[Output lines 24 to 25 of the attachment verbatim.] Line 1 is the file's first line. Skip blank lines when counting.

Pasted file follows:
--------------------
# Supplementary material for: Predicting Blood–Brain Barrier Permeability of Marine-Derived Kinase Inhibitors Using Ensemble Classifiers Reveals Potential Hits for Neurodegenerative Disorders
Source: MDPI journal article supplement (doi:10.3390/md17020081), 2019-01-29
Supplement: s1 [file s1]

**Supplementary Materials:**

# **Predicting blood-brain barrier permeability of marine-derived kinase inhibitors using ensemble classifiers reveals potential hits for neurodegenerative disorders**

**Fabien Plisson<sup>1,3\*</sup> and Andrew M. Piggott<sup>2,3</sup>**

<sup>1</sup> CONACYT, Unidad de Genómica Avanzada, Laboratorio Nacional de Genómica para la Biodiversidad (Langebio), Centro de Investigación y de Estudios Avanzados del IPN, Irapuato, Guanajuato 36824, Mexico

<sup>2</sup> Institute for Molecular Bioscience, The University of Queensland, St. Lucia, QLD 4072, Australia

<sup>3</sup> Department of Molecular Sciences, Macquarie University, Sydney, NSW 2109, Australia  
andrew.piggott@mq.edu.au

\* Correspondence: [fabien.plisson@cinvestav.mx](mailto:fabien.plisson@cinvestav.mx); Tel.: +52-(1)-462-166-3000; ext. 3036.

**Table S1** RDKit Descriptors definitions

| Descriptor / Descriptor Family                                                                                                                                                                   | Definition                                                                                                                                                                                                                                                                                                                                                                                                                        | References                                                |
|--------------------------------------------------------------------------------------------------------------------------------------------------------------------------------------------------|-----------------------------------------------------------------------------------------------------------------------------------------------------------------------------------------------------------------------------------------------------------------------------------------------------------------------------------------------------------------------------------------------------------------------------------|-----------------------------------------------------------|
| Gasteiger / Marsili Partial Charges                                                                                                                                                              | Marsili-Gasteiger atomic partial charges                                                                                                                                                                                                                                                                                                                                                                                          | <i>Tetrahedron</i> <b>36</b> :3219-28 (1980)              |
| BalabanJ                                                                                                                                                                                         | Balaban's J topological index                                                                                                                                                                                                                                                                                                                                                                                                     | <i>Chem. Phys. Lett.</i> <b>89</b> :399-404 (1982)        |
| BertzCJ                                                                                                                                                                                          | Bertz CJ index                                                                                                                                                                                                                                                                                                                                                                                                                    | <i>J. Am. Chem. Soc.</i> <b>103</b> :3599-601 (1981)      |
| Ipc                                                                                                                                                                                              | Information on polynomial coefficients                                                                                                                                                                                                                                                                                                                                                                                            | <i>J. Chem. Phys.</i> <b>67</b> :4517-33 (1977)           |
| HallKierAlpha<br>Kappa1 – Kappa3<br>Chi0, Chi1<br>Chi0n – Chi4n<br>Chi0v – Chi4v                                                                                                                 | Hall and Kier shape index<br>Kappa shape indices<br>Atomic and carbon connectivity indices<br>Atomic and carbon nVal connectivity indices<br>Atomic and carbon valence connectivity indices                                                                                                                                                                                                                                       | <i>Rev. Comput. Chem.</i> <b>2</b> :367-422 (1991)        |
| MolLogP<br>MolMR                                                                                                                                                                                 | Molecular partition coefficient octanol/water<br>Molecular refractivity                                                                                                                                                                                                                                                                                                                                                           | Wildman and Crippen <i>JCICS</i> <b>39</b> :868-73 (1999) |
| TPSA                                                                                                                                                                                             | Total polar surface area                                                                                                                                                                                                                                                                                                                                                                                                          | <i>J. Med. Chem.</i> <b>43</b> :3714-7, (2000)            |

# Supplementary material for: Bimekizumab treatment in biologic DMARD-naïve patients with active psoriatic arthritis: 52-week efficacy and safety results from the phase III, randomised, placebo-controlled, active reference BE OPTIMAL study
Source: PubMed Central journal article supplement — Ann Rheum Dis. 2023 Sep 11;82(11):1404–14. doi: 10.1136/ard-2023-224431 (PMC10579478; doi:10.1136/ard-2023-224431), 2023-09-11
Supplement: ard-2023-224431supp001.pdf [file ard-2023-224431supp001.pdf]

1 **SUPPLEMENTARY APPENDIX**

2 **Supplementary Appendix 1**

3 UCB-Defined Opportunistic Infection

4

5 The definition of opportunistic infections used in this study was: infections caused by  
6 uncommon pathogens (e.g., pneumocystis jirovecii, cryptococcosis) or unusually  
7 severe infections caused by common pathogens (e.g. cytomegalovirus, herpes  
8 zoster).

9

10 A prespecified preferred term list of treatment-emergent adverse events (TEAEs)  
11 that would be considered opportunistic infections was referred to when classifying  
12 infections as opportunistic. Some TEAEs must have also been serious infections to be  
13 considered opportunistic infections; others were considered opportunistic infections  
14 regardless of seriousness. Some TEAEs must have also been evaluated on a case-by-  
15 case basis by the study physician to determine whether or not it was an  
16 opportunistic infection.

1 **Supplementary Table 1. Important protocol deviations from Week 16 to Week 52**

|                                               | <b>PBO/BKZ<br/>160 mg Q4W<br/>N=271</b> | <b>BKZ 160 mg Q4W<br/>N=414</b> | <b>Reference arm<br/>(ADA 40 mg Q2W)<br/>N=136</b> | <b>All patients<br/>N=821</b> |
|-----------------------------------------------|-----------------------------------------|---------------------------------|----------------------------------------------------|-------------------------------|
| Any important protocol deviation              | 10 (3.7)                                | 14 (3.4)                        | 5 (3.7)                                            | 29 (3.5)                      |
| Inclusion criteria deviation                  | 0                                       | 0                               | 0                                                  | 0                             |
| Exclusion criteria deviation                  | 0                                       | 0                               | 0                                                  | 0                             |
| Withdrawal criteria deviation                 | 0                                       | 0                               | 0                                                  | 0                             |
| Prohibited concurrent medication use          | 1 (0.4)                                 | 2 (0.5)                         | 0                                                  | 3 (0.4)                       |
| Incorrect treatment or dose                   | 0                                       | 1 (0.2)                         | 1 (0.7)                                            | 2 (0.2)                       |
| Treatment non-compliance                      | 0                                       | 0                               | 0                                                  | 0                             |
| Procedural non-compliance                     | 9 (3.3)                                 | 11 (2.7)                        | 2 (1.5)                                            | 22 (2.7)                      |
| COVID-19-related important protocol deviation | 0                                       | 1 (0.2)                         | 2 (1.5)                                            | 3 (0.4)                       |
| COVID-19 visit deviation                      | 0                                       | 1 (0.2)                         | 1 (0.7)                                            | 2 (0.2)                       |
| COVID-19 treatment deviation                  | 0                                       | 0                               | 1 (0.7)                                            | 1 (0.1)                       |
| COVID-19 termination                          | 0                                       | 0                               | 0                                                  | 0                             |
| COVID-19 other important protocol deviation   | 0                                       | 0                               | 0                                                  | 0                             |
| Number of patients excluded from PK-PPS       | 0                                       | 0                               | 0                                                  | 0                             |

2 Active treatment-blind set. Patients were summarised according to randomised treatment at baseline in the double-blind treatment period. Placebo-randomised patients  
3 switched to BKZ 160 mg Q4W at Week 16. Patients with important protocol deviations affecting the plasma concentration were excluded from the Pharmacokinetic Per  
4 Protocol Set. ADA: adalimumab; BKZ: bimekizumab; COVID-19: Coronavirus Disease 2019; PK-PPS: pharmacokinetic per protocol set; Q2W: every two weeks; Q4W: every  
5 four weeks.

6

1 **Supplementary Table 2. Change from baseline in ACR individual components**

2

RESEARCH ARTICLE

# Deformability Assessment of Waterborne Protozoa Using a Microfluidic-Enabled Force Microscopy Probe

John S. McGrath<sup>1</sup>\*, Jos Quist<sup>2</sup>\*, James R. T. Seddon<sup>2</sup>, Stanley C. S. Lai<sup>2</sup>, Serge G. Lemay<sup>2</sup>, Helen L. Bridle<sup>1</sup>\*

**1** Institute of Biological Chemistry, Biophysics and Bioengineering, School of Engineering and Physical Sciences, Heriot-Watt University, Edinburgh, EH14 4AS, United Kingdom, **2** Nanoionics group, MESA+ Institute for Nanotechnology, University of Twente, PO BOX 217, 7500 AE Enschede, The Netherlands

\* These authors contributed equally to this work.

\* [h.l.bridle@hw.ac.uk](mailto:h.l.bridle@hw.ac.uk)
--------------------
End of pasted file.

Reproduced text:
Supplement: ard-2023-224431supp001.pdf [file ard-2023-224431supp001.pdf]

1 **SUPPLEMENTARY APPENDIX**